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Nutrition News: Alcohol and a Healthy Lifestyle

Charlyn Fargo on

For some, January's list of things to do includes a month-long fast from alcohol -- a cleanse. Others argue that alcohol can be part of a healthy lifestyle and red wine actually helps lower your risk of heart disease.

What's the bottom line? One word: moderation.

And just what does that mean? Moderate alcohol consumption means an average of one to two drinks per day for men and one drink per day for women. Different types of beer, wine and liquor have different amounts of alcohol. But in general, a drink is one 12-ounce regular beer, 4 ounces of wine or 1.5 ounces of 80-proof spirits, such as bourbon, vodka or gin.

The other end of that spectrum is binge drinking. Drinking too much alcohol increases your risk for many health problems, including high blood pressure, obesity, stroke, breast cancer, liver disease, depression, suicide and alcoholism.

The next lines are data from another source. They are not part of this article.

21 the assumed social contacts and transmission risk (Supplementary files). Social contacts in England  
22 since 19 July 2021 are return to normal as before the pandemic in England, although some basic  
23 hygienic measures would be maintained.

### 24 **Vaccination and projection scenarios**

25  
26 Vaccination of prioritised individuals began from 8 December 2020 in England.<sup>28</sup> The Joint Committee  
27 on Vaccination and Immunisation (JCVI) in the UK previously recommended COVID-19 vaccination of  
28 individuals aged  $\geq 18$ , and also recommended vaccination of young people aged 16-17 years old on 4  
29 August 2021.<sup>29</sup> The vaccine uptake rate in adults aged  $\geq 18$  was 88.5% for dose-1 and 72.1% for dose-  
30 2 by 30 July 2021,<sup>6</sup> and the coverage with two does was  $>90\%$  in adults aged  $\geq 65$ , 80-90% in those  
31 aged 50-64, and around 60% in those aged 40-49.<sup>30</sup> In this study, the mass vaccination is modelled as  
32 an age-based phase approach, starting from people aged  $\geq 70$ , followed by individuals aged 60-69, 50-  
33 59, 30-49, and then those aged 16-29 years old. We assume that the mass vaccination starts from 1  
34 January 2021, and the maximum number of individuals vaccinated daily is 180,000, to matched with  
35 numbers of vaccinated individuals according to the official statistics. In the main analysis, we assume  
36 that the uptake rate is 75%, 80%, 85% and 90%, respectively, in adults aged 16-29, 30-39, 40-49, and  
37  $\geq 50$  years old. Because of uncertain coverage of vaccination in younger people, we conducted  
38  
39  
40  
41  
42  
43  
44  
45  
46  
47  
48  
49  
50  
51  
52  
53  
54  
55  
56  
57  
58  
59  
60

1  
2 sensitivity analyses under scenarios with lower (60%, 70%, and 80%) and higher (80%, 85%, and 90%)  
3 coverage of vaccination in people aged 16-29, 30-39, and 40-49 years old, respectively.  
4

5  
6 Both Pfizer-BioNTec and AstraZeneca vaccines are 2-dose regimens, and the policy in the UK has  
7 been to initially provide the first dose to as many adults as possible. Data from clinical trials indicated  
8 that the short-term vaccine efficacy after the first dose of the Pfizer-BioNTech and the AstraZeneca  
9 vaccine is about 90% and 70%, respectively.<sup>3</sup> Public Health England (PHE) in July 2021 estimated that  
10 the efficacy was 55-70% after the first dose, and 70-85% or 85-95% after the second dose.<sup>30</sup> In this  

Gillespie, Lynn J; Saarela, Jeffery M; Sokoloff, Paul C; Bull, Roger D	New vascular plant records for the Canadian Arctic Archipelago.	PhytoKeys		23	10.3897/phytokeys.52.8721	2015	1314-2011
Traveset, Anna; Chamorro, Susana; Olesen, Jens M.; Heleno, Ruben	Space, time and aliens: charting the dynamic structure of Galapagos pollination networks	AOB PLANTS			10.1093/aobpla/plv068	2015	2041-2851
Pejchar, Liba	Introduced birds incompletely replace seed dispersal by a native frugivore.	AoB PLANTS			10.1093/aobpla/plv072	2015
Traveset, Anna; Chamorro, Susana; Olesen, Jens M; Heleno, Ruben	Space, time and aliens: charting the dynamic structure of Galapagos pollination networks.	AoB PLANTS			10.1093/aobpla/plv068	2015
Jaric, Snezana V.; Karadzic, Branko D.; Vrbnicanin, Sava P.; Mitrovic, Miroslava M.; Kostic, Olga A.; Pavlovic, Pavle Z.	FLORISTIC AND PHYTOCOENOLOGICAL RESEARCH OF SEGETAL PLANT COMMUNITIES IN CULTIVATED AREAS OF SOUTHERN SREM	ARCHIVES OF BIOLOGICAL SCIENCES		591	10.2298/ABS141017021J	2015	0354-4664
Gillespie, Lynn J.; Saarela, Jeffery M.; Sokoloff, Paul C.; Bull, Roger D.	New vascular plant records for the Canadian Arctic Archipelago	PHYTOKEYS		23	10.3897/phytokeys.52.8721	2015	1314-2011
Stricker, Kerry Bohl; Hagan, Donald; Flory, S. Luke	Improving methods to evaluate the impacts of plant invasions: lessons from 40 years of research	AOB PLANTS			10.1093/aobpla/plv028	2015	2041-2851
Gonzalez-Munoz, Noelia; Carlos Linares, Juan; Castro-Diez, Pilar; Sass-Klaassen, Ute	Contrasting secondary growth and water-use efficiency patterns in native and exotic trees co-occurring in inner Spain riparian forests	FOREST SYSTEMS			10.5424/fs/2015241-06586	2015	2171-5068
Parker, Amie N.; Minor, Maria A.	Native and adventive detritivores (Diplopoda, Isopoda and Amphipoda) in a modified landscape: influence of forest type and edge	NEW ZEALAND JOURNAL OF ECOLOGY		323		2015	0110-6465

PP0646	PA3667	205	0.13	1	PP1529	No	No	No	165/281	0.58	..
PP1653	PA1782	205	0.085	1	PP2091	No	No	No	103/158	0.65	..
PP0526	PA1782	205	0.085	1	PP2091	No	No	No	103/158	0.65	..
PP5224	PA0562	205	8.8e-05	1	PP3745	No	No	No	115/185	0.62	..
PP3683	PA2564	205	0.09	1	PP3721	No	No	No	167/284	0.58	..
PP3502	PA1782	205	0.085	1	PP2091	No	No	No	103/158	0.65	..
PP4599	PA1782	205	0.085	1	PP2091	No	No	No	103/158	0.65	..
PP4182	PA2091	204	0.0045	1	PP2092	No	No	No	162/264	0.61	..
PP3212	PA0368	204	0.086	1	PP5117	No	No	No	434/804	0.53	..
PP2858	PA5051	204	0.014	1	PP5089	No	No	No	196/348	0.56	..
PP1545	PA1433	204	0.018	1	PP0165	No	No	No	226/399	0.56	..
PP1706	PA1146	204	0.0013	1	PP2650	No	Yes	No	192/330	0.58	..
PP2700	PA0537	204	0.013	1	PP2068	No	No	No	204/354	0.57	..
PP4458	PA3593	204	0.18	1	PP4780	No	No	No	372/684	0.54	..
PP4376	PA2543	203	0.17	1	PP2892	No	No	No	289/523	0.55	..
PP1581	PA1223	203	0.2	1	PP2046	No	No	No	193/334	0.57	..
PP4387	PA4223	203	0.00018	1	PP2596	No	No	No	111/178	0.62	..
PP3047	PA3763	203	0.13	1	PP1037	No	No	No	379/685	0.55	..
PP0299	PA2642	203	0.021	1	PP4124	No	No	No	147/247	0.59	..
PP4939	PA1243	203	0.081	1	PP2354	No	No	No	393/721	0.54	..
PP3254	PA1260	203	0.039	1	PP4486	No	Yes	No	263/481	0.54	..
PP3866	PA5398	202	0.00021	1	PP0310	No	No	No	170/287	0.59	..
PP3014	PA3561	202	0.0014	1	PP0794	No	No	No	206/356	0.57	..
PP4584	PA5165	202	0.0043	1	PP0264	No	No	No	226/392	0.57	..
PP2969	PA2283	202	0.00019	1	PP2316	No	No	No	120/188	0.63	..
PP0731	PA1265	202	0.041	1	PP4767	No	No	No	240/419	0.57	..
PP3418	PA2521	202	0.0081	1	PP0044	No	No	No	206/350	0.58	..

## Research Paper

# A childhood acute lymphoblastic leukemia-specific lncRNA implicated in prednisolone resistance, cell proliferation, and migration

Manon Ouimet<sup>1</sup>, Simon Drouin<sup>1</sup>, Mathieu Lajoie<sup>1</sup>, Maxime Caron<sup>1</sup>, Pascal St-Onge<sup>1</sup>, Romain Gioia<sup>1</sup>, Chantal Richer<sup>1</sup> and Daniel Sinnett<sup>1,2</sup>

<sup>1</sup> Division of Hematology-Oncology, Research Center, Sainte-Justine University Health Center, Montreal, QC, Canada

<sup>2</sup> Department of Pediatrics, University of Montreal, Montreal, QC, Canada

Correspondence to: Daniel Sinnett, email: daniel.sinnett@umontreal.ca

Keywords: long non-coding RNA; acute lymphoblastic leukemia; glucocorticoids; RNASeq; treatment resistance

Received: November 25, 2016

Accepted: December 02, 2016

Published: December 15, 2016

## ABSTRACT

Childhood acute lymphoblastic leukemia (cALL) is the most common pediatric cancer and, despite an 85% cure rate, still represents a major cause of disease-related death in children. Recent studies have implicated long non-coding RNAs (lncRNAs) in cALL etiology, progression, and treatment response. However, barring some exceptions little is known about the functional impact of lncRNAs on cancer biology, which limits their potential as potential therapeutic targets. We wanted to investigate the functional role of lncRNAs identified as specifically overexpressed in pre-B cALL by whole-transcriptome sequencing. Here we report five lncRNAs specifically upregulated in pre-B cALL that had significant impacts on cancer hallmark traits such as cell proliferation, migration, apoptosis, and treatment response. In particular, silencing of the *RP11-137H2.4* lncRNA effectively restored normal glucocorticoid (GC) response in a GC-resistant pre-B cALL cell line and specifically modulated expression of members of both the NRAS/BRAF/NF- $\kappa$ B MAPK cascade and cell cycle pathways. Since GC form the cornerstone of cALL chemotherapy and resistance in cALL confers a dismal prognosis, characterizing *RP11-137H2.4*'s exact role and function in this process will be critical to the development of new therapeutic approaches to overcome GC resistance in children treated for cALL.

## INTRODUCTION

If you're pregnant, under 21, have certain health conditions or take certain medications, you shouldn't drink at all.

For the rest of us, it's moderation.

 

Here's what science tells us about alcohol's effects on the body.

Drinking too much alcohol can raise the levels of some fats in the blood known as triglycerides. A high triglyceride level combined with high levels of low-density lipoproteins ("bad" cholesterol) or low levels of high-density lipoproteins ("good" cholesterol) has been associated with fatty buildup in the artery walls. That, in turn, can increase the risk of heart attack and stroke.

Excessive drinking can also lead to high blood pressure, cardiomyopathy, cardiac arrhythmia and even death from alcohol poisoning. And it can interfere with the brain's communication pathways, affecting the way the brain works.

And then there are all the extra calories from drinking alcohol, which can lead to obesity and a higher risk of developing diabetes.

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